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The oceanic whitetip shark (Carcharhinus longimanus) is found throughout the world's oceans between the latitudes of 45 degrees north and 43 degrees south. A popular food source, the oceanic whitetip shark is used by humans for its meat and oil, and its fins are often used in shark fin soup. It is also valued for its skin, which is used for leather. The high demand for this shark's skin, meat, and fins has led to overfishing that has caused a sharp decline in population numbers. It is estimated that between 1992 and 2000, oceanic whitetip shark populations decreased globally by 70%. In some regions like the Gulf of Mexico, populations are believed to have declined by over 99% from the 1950s to the 1990s.

The IUCN has thus listed the oceanic whitetip shark as critically endangered, but efforts have been made to conserve the species. In 2013, the species was added to Appendix II of the Convention on International Trade in Endangered Species (CITES), and in 2018, it was added to Annex 1 of the Convention on Migratory Species (CMS) Memorandum of Understanding (MoU) for Migratory Sharks. Both organizations aim to conserve endangered species. Furthermore, the oceanic whitetip shark is the only shark species to be protected by all four major tuna fishery management organizations.

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Great Hammerhead - Critically Endangered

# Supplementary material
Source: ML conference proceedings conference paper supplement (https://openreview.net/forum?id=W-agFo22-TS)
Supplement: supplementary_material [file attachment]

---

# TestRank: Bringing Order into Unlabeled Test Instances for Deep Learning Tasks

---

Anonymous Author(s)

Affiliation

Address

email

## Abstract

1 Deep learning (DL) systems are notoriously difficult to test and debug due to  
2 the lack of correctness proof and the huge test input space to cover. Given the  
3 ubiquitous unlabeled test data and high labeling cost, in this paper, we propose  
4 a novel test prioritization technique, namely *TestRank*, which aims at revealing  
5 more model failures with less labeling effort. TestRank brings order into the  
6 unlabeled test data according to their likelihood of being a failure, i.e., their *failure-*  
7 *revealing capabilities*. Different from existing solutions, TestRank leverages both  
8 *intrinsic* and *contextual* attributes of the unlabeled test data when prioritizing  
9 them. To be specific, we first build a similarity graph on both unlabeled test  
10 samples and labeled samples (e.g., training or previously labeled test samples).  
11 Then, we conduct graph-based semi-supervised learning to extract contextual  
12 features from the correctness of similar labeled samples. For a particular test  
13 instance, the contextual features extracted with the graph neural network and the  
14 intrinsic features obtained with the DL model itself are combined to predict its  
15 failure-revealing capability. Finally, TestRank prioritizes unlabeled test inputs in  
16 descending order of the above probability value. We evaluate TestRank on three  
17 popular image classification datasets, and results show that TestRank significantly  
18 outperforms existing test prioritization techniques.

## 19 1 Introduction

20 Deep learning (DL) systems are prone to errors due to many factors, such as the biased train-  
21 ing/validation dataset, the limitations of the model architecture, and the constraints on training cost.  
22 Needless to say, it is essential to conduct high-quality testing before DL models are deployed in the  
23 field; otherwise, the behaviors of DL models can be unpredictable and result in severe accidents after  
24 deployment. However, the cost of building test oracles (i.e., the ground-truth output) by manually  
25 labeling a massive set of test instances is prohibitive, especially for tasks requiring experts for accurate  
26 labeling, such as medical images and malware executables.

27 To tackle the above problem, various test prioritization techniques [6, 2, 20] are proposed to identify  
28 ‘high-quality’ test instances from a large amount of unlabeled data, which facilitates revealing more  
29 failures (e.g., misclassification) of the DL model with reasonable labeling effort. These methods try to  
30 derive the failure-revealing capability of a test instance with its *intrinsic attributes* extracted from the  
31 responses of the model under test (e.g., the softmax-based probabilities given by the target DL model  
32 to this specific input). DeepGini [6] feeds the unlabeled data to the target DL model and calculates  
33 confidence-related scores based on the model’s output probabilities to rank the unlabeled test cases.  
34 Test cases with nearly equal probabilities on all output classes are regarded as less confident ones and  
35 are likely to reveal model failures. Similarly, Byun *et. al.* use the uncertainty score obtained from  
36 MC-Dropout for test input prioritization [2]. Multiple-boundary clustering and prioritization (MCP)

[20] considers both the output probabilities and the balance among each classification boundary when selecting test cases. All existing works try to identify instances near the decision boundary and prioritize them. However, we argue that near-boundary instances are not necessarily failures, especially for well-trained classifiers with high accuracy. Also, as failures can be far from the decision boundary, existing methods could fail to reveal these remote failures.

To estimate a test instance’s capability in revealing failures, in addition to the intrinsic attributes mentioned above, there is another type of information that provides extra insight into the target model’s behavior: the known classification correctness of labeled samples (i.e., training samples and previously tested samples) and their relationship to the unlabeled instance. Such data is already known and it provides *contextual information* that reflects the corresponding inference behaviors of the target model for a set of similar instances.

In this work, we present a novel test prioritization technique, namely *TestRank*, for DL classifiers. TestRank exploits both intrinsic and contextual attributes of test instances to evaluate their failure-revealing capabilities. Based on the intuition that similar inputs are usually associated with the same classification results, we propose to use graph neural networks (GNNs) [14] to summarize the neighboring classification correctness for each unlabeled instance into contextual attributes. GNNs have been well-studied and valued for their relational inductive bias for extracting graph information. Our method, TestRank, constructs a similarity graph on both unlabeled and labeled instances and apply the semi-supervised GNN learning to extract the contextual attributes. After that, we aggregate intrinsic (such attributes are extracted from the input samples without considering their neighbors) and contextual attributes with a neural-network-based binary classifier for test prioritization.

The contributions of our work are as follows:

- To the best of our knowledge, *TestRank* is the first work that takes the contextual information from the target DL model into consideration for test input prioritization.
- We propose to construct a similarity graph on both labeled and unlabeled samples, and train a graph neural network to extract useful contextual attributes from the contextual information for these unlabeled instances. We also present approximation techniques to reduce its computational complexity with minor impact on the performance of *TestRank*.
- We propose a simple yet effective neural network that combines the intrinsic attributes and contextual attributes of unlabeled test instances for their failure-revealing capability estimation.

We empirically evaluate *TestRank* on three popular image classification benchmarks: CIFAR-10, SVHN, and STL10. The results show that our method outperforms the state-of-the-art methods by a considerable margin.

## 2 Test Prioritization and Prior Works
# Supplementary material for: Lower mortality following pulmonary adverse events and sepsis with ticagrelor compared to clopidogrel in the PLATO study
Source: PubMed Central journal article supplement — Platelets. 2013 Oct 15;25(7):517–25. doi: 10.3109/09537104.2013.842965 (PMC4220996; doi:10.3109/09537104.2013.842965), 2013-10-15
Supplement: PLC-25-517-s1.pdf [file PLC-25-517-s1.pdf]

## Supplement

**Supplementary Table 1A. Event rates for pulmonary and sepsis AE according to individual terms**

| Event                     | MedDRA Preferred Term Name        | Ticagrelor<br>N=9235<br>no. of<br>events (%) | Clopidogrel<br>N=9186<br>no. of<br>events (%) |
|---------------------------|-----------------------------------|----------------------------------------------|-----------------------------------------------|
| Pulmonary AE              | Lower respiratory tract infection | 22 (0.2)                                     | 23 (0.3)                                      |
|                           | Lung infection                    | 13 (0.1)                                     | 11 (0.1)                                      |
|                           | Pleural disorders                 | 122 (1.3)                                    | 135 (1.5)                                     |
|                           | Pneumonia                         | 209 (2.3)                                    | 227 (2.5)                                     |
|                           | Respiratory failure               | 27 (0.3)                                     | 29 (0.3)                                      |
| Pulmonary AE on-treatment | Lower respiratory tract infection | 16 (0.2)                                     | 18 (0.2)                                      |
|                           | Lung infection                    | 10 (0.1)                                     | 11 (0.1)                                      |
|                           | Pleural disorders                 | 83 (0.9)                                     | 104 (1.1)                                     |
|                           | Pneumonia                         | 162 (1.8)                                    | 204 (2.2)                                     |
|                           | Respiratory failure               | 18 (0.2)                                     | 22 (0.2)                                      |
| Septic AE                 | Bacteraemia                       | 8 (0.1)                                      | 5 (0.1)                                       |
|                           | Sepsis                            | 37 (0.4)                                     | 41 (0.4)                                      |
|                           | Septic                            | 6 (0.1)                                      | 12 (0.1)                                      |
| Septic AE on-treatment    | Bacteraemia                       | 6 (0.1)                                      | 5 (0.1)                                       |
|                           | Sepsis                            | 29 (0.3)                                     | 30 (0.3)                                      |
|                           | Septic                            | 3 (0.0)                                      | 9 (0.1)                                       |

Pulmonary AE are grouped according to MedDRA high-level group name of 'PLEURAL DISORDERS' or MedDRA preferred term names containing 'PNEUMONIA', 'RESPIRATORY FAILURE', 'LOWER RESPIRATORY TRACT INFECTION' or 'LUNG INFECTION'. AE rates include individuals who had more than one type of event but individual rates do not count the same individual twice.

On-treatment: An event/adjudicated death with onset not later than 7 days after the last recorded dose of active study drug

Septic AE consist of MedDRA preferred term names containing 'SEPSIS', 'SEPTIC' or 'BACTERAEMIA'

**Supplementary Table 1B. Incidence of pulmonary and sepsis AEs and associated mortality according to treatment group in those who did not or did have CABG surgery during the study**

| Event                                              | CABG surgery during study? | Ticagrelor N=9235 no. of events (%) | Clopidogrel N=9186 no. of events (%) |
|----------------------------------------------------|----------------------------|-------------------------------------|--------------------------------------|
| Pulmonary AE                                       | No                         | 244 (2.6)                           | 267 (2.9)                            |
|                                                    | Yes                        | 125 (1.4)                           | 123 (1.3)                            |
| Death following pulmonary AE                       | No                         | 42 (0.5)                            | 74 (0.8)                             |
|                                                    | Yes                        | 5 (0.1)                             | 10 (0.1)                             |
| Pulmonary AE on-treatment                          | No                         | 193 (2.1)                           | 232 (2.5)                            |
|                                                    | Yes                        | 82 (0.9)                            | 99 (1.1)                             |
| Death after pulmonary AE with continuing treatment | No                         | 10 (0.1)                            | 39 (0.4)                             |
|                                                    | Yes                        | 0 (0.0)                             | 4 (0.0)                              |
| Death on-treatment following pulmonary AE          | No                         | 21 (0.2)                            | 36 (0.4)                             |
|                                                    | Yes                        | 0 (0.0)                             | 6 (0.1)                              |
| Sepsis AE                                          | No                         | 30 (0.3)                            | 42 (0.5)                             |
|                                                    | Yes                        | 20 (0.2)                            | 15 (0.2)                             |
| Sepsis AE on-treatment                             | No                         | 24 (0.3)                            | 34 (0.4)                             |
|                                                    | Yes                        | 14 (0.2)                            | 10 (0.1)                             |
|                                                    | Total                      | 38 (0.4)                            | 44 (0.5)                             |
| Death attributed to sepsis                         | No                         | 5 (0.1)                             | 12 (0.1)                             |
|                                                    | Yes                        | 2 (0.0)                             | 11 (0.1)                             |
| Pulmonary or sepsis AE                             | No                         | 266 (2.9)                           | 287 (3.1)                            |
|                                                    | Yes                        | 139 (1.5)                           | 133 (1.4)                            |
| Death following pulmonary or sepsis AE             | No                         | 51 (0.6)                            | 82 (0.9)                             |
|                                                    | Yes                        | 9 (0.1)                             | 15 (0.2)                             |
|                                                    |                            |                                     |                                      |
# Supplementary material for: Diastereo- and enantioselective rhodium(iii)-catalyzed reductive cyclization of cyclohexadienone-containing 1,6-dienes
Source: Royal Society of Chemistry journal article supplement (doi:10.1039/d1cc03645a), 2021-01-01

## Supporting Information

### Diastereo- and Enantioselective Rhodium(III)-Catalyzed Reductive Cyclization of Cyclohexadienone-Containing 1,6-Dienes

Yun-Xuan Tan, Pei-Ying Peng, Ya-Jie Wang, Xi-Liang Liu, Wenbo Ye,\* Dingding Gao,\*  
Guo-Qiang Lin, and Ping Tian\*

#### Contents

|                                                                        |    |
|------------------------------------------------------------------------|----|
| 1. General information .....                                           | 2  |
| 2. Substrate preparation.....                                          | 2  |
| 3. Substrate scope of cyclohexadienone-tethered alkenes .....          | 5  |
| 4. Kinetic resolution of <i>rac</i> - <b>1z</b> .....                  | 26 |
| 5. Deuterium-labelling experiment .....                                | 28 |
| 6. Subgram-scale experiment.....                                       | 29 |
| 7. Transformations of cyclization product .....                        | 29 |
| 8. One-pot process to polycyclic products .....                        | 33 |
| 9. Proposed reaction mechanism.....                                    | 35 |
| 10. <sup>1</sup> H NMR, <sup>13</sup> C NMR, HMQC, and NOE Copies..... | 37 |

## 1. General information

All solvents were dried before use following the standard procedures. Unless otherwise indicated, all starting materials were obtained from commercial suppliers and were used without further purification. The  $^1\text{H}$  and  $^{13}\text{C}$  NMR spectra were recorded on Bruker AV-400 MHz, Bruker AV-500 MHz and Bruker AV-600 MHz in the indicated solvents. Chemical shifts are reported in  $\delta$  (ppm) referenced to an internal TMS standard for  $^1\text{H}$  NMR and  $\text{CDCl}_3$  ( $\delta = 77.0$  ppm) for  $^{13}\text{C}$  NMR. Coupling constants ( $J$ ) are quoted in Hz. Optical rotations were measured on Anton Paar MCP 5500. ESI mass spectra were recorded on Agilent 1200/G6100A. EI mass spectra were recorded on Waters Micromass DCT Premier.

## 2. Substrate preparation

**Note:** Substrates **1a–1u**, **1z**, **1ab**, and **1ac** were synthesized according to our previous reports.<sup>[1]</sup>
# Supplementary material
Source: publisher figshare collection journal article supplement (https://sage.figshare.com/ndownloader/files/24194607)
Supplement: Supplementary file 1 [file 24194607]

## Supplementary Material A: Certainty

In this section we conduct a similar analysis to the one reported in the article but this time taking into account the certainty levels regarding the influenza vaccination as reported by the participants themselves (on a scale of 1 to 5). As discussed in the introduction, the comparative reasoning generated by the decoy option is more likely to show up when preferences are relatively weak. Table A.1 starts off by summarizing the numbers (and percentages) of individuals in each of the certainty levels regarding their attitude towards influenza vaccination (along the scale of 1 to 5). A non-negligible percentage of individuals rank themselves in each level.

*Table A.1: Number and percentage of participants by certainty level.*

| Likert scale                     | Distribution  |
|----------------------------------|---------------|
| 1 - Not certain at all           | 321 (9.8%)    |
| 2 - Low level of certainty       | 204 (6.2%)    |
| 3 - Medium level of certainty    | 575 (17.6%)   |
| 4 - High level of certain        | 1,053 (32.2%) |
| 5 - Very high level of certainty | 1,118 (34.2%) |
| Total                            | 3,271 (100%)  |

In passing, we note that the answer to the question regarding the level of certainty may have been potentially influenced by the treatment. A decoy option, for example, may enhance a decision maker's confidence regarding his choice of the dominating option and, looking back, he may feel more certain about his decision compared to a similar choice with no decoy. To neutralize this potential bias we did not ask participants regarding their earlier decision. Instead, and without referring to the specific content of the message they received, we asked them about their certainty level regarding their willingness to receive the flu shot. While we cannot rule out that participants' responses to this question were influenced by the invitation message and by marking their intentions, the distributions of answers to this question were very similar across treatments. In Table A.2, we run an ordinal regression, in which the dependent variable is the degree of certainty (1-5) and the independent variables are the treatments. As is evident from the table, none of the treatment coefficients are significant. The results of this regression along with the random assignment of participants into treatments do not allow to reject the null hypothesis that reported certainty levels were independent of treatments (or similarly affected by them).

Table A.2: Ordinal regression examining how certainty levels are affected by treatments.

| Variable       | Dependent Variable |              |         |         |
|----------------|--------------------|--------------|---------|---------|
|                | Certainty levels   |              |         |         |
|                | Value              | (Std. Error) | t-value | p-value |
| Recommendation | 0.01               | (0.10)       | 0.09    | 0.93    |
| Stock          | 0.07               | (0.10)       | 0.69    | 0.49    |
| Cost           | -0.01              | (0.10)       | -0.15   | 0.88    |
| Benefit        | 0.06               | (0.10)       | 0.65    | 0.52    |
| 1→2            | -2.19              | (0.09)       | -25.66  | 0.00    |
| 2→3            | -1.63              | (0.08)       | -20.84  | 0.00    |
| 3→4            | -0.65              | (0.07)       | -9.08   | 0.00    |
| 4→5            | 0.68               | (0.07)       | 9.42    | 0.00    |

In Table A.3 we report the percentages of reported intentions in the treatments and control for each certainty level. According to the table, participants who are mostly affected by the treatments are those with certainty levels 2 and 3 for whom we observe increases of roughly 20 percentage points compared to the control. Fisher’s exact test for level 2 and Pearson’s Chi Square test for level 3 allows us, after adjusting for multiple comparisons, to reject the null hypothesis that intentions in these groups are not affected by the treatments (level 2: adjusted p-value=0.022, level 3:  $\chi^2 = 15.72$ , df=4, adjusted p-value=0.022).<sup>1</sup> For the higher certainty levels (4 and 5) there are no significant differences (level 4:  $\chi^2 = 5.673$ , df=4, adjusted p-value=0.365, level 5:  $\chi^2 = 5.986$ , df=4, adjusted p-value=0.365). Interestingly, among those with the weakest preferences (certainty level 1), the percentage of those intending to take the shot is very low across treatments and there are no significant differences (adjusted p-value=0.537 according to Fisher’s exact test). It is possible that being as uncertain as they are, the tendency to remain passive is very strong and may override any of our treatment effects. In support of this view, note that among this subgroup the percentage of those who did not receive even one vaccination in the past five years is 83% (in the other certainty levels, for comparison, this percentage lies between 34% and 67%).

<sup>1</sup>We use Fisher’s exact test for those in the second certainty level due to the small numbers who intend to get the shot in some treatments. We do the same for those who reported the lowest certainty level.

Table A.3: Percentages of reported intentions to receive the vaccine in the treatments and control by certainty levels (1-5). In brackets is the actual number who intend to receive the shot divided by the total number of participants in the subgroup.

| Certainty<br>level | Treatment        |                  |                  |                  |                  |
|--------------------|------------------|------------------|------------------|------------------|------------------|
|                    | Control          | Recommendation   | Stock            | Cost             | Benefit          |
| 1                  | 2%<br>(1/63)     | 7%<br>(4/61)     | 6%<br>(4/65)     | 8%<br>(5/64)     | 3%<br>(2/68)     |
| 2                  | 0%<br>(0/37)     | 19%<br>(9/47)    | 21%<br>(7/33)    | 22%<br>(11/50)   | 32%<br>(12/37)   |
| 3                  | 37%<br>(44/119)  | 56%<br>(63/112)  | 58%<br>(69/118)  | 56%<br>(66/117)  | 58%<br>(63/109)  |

Gray great hammerhead shark with jaws open swimming in the ocean

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The great hammerhead (Sphyrna mokarran) is found in tropical coastal waters around the world between the latitudes of 40 degrees north and 37 degrees south. One of the preferred shark species for shark fin soup, the great hammerhead is primarily targeted by fisheries for its fins, while its meat is rarely eaten. Its skin is also used as leather and its liver is used for shark liver oil.

Great hammerheads are also occasionally caught recreationally by big game fishers and suffer extensively from being accidentally caught as by-catch. The overfishing of great hammerheads for their fins combined with the species' long generation time has caused worldwide populations to plummet by an estimated 51% to 80% over the past 75 years.

The IUCN lists the great hammerhead as critically endangered, but efforts have been made to conserve the species. The great hammerhead was added to Appendix II of CITES in 2013 and Appendix II of CMS in 2014. However, overfishing of this shark continues around the world and many laws aiming to conserve the species, such as the General Fisheries Commission for the Mediterranean's (GFCM) ban on retaining great hammerheads, have not been enforced.

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Zebra Shark - Endangered

Grey spotted zebra shark resting on the ocean floor